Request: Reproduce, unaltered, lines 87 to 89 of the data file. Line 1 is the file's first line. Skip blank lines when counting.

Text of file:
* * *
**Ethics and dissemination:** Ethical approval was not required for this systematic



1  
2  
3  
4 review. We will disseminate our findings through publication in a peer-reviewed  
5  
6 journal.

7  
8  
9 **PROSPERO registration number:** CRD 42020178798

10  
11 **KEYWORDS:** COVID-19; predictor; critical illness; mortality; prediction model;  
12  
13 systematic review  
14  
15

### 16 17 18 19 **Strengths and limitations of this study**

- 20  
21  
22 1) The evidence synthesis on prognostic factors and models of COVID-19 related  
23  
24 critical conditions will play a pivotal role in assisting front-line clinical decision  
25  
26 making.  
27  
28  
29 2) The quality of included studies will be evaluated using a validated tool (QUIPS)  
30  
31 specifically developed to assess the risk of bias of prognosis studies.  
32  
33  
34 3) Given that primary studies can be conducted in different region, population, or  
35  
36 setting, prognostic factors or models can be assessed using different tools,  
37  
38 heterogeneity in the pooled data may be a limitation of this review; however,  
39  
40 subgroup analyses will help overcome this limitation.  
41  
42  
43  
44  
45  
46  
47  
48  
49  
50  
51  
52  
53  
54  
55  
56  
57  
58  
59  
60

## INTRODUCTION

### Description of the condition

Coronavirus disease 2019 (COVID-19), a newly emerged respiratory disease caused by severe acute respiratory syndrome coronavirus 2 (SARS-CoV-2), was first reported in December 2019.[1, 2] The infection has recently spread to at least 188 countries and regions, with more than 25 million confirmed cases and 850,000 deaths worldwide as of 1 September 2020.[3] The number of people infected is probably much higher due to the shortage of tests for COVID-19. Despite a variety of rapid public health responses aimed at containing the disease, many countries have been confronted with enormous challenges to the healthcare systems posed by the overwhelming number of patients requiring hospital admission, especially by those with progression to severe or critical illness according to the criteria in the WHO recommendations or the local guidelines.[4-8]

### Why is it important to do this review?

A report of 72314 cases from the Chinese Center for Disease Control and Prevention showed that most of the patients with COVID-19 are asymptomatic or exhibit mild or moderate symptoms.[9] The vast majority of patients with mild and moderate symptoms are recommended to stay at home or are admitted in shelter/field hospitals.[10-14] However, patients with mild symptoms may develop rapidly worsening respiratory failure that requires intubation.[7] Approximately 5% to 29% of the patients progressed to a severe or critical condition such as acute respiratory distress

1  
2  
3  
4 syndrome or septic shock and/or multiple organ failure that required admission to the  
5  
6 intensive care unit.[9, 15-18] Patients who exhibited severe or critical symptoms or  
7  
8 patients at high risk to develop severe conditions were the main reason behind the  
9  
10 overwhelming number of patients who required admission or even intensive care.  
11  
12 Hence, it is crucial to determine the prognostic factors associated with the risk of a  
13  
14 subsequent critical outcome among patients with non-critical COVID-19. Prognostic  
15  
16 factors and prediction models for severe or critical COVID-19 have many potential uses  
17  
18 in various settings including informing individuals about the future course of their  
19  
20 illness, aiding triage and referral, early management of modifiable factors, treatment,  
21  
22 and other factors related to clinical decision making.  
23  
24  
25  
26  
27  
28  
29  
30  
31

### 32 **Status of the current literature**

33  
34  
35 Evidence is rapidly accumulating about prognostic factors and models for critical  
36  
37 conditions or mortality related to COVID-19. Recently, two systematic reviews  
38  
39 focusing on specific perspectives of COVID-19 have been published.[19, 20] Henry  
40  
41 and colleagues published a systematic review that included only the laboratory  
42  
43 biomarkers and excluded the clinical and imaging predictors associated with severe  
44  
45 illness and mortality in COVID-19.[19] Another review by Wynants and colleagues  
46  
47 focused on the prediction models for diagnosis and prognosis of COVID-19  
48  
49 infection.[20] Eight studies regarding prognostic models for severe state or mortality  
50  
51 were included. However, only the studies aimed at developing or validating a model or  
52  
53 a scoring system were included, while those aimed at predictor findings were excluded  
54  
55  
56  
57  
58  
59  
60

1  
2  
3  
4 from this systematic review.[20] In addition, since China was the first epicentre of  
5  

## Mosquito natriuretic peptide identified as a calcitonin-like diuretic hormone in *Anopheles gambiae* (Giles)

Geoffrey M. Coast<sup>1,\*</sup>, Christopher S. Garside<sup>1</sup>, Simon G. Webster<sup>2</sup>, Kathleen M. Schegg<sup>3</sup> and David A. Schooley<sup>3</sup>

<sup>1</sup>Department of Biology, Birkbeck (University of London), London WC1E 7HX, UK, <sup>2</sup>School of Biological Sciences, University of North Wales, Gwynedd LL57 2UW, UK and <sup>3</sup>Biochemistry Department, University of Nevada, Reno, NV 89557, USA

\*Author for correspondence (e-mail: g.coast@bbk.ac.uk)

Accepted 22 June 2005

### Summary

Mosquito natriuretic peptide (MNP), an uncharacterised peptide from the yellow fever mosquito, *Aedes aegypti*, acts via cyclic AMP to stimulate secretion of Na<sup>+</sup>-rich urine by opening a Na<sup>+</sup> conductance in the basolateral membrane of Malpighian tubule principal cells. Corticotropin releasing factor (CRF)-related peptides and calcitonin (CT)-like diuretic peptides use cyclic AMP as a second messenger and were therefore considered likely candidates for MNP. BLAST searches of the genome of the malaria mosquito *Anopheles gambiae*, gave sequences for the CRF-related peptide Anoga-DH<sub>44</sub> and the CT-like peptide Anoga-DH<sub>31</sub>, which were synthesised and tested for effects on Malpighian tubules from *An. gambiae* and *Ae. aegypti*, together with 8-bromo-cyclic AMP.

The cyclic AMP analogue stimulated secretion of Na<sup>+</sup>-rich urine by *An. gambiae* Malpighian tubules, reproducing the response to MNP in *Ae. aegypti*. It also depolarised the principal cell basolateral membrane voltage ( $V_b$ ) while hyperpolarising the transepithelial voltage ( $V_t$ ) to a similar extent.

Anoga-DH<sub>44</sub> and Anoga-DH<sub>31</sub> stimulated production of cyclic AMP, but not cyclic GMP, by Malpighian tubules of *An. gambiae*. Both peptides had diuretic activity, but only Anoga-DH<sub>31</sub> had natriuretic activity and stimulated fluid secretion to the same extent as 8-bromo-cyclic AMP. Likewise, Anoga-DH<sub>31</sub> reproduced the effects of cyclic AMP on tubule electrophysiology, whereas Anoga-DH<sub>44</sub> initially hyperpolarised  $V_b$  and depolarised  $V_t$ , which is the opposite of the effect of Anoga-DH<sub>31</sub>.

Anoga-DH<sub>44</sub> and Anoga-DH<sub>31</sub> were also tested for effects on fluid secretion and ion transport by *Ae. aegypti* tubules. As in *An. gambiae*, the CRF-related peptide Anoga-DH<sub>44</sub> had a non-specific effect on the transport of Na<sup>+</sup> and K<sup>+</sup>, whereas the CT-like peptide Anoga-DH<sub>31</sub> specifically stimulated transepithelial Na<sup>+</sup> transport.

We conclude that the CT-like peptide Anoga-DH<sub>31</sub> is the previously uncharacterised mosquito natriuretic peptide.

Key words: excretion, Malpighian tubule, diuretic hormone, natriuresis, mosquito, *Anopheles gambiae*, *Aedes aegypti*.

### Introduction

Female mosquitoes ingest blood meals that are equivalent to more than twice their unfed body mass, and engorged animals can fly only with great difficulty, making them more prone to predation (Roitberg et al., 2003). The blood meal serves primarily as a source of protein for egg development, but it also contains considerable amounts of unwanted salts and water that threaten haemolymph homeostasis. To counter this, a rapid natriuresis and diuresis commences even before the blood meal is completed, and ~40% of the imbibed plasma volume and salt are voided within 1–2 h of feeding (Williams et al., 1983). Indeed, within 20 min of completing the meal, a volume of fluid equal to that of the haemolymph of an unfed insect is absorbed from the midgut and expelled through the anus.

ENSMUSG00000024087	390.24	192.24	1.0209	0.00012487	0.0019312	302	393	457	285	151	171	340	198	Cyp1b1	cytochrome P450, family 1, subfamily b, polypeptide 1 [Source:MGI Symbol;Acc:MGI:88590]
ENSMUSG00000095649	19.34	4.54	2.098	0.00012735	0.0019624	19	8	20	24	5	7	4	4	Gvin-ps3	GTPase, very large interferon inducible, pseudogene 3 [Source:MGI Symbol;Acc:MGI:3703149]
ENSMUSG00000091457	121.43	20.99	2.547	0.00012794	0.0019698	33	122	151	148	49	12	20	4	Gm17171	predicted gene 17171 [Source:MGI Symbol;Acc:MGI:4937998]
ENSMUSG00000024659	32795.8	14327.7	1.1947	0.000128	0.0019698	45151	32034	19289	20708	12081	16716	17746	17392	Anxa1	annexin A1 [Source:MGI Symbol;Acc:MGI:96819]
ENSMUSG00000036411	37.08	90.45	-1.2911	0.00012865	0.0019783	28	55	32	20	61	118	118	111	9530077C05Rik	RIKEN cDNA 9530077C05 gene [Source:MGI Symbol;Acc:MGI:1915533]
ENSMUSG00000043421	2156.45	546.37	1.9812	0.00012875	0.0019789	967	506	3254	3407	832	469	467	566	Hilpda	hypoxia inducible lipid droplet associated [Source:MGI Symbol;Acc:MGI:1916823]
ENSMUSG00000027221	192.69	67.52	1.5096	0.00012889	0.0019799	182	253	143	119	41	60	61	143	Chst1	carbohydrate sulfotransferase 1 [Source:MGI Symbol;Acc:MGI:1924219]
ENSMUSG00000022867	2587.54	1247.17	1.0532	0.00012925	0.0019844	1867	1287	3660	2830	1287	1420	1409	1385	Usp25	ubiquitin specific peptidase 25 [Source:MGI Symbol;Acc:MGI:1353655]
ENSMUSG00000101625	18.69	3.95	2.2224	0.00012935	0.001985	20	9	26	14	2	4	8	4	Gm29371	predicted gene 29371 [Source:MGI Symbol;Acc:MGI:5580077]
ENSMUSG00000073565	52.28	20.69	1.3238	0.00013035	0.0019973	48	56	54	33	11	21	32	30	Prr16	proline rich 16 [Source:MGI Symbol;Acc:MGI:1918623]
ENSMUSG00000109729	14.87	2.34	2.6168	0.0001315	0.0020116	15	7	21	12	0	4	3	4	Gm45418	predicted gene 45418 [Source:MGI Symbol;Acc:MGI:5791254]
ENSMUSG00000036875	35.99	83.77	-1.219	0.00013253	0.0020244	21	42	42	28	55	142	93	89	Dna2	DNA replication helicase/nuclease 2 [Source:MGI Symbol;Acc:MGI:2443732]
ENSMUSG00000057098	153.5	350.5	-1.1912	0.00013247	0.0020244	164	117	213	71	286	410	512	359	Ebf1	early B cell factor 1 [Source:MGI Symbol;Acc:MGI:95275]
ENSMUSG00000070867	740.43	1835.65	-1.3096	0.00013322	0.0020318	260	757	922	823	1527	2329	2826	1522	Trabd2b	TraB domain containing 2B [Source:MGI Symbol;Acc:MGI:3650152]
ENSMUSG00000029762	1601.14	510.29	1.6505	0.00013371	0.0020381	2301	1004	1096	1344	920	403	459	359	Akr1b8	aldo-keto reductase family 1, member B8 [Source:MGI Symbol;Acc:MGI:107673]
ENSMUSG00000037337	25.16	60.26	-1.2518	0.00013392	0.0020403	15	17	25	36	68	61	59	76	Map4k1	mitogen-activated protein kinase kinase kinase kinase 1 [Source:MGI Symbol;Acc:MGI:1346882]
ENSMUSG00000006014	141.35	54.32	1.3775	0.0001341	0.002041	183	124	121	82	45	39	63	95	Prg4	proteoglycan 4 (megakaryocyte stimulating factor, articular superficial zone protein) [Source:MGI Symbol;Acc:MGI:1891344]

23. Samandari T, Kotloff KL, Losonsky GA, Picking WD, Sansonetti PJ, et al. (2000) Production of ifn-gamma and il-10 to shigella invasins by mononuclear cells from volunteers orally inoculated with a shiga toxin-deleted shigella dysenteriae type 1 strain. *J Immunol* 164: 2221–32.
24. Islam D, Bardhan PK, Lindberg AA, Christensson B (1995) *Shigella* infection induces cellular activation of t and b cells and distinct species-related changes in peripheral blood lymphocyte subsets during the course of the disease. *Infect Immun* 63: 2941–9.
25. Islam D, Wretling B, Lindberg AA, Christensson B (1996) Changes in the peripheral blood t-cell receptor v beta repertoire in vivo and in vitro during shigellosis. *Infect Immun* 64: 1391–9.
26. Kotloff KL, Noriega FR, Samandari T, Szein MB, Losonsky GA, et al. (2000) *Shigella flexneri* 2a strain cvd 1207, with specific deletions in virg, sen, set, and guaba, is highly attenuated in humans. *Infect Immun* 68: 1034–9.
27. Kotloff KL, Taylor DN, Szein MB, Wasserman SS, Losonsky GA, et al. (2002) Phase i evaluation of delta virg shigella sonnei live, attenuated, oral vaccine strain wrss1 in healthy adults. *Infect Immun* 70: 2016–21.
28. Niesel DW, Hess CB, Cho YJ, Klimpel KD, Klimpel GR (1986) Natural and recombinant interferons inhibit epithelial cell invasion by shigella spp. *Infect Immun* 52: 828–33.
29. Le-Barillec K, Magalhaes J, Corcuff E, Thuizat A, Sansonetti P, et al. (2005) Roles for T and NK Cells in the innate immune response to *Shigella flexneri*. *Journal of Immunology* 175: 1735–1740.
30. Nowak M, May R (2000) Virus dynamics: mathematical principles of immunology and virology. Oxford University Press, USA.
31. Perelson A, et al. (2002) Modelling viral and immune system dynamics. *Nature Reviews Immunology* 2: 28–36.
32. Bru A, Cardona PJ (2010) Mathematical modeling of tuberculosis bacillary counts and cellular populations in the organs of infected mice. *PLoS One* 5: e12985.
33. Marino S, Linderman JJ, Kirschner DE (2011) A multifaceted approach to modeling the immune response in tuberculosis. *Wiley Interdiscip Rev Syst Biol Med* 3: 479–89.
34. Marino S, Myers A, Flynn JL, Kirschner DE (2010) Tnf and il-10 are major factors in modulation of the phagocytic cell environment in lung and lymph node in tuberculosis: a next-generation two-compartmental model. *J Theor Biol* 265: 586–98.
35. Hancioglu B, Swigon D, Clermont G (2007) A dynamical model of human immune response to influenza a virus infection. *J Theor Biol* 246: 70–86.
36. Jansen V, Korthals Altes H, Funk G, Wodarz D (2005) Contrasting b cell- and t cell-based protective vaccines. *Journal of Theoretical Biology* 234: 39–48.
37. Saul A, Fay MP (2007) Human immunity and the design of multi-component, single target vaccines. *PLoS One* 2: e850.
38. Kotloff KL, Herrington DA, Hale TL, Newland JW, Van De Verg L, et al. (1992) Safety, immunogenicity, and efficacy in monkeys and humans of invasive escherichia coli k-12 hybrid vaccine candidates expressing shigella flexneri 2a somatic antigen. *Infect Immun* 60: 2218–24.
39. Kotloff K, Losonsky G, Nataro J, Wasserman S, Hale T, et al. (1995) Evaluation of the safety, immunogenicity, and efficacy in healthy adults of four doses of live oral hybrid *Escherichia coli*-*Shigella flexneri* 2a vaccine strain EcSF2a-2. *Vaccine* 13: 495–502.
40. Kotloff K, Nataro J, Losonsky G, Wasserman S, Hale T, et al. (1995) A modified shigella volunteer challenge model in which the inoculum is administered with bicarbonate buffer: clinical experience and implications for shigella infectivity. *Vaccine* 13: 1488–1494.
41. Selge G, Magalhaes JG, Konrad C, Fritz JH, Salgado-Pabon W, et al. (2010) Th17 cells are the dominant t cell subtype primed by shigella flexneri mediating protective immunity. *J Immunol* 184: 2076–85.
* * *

24  
25  
26  